DesPardes + PKonweb

Diplomatic Support Help Make Pakistan Foil India’s FATF Move to Blacklist It

Pakistan has to meet the FATF deadline — January 2019 — to complete its action plan aimed at fully blocking the money laundering and other financial loopholes.

PKONWEB — India’s efforts at the Financial Action Task Force (FATF) to move Pakistan from grey list to the black list has been thwarted as ally China, Malaysia and Turkey voted against the move– the minimum requirement is 3 countries voting against it.

According to some observers, the is a highly significant development for the country which is facing economic crisis and fiscal issues amid diplomatic brinkmanship by its detractors.

Islamabad requires at least 15 out of 36 votes to move out of the watchdog’s grey list, which is causing an estimated loss of $10 billion per year.

While Pakistan managed to garner much-needed support from these three member states of the Financial Action Task Force (FATF) to avoid being placed on its blacklist, but black clouds are still hanging over it.

Islamabad has been on the global money laundering watchdog’s radar since June 2018, when it was placed on a grey list for money laundering and terror financing risks after an assessment of the country’s financial system and security mechanism.

“US opposition is not based on FATF charter but on political consideration, mainly because of clash of interests in Afghanistan, and Islamabad’s ever-growing relations with China.”

Ali Sarwar Naqvi, former Pakistani ambassador

Turkey was the only country that had opposed the move which was backed by the United States, the United Kingdom and Pakistan’s arch-rival India. Islamabad’s longtime ally Beijing had abstained.

Moving one step further, New Delhi — co-chair of the joint group of FATF and Asia Pacific Group — wants Islamabad to be placed on the Paris-based watchdog’s blacklist of the countries, which fail to meet international standards in combating financial crimes.

Pakistan loses $10 billion annually to money laundering, while daily corruption in country was over 2 billion as per authentic reports cited by a PTI government lawmaker Murad Saeed.

However, an aggressive diplomatic push from Islamabad has frustrated the looming threat with the support of Turkey, China, and Malaysia.

According to the 36-nation FATF charter, the support of at least three member states is essential to avoid the blacklisting.

Pakistan loses $10 billion annually to money laundering, while daily corruption in country was over 2 billion as per authentic reports cited by a PTI government lawmaker Murad Saeed.

Confirming the development that took place at the five-day meeting of the watchdog’s Plenary and Working Group meeting in Orlando, Florida last week, an official at Pakistan’s foreign ministry admitted that “the danger is still not over”.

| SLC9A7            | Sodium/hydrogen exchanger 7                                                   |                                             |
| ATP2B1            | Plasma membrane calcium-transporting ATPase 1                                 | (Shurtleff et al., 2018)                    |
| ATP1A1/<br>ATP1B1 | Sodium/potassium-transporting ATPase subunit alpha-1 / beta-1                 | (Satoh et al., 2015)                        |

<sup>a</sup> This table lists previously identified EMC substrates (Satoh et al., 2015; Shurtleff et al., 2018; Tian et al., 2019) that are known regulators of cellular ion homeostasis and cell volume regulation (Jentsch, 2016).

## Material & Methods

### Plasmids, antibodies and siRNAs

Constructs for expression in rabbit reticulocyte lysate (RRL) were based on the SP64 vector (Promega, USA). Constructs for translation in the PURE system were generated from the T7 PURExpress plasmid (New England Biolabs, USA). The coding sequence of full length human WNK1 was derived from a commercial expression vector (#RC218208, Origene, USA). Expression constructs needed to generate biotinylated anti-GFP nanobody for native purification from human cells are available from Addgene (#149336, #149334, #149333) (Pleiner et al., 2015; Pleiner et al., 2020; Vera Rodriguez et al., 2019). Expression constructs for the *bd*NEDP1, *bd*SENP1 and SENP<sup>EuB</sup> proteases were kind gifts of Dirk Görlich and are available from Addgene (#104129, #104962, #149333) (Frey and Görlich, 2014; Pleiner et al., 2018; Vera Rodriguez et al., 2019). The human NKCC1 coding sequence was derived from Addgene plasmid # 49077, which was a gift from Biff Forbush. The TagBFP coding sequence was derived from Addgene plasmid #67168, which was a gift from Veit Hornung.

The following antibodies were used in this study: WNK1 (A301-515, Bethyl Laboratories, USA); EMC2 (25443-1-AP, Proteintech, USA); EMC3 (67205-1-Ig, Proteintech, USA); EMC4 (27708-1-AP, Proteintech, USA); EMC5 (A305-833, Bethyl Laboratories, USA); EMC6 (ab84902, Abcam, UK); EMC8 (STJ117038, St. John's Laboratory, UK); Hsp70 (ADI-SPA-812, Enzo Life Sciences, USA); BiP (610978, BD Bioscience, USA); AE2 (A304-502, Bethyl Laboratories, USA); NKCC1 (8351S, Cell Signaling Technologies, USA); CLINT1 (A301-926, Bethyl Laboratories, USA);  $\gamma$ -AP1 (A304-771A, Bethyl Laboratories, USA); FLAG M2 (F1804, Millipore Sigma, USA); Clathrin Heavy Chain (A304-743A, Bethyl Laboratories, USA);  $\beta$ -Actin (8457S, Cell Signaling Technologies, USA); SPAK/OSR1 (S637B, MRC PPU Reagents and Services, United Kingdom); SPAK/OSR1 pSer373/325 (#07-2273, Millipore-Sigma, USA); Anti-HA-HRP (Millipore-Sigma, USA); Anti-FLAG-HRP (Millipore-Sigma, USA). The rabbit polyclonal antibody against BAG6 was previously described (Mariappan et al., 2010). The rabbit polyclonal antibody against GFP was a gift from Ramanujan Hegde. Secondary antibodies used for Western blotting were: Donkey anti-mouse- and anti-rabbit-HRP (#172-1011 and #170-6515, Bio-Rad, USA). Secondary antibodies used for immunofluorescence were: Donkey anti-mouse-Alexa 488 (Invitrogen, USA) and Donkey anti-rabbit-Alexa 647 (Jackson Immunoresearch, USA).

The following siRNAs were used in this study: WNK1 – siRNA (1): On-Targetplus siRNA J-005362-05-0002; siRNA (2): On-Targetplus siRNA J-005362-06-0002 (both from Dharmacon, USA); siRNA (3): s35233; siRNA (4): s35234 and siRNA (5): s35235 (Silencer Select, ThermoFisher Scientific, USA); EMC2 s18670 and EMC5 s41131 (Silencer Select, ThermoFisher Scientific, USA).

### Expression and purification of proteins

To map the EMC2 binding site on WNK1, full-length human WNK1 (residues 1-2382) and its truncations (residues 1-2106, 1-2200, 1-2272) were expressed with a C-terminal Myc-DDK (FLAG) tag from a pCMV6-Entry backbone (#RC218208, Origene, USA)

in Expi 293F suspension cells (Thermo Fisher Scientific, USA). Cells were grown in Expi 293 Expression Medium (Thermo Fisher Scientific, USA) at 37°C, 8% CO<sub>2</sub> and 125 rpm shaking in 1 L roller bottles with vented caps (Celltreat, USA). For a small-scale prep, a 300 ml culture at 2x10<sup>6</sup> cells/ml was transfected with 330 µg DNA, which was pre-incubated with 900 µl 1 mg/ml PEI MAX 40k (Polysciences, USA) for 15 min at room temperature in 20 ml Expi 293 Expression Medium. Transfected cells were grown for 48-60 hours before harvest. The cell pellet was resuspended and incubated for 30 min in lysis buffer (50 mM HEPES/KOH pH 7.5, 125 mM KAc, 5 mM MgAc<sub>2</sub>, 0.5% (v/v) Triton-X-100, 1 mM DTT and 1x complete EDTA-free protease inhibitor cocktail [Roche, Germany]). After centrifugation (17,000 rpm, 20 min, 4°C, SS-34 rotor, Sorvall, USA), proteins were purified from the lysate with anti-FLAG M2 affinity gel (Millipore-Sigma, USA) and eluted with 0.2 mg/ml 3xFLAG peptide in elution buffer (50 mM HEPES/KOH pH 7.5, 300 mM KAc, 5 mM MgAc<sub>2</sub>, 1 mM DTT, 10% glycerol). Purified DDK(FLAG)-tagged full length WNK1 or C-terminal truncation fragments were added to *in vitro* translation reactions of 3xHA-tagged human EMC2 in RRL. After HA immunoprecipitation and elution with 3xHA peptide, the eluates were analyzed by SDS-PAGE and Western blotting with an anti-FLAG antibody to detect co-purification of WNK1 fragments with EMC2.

The group will formally announce the decision of not blacklisting Islamabad in its Plenary scheduled in Paris on Oct. 13-18.

“This is certainly a positive development that there is no imminent threat of blacklisting [by the FATF] due to crucial support from Turkey, China and Malaysia,” the official told Anadolu Agency on condition of anonymity as he was not allowed to make a public statement due to the sensitivity of the matter.

But, he added, Pakistan had to meet the FATF deadline — January 2019 — to complete its action plan aimed at fully blocking the money laundering and other financial loopholes.

Pakistan, in recent months, has taken some major steps in accordance with the action plan, which includes, no foreign currency transactions without a national tax number, and ban on currency change of up to $500 in the open currency market without submission of a national identity card copy.

In addition, Islamabad has also proscribed several militant groups and seized their assets, including Jamat-ud-Dawa’h, and Jaish-e-Mohammad (JeM) — the groups blamed for several terrorist attacks such as the 2009 deadly Mumbai attacks killing over 150 people.

Islamabad requires at least 15 out of 36 votes to move out of the watchdog’s grey list, which is causing an estimated loss of $10 billion per year.

About the US opposition to Pakistan in the FATF, Ali Sarwar Naqvi, a former ambassador to Jordan, Belgium, and Austria– who also served as an acting ambassador to the US, said: “Pakistan cannot do much to persuade the US. The fact is that the US opposition is not based on FATF charter but on political consideration, mainly because of clash of interests in Afghanistan, and Islamabad’s ever-growing relations with China.”

Mohiuddin Aazim, a Karachi-based economic analyst said he thinks Pakistan is likely to be removed even from the gray list though FATF may make some observations urging Islamabad to remain vigilant and continue to strengthen its anti-money laundering and counter-terrorism financing regime.

“The removal of Pakistan from the gray list is likely both due to diplomatic support of China, Turkey and Malaysia and due to a host of measures the country has taken to stop money laundering and terror financing,” Aazim told Anadolu Agency.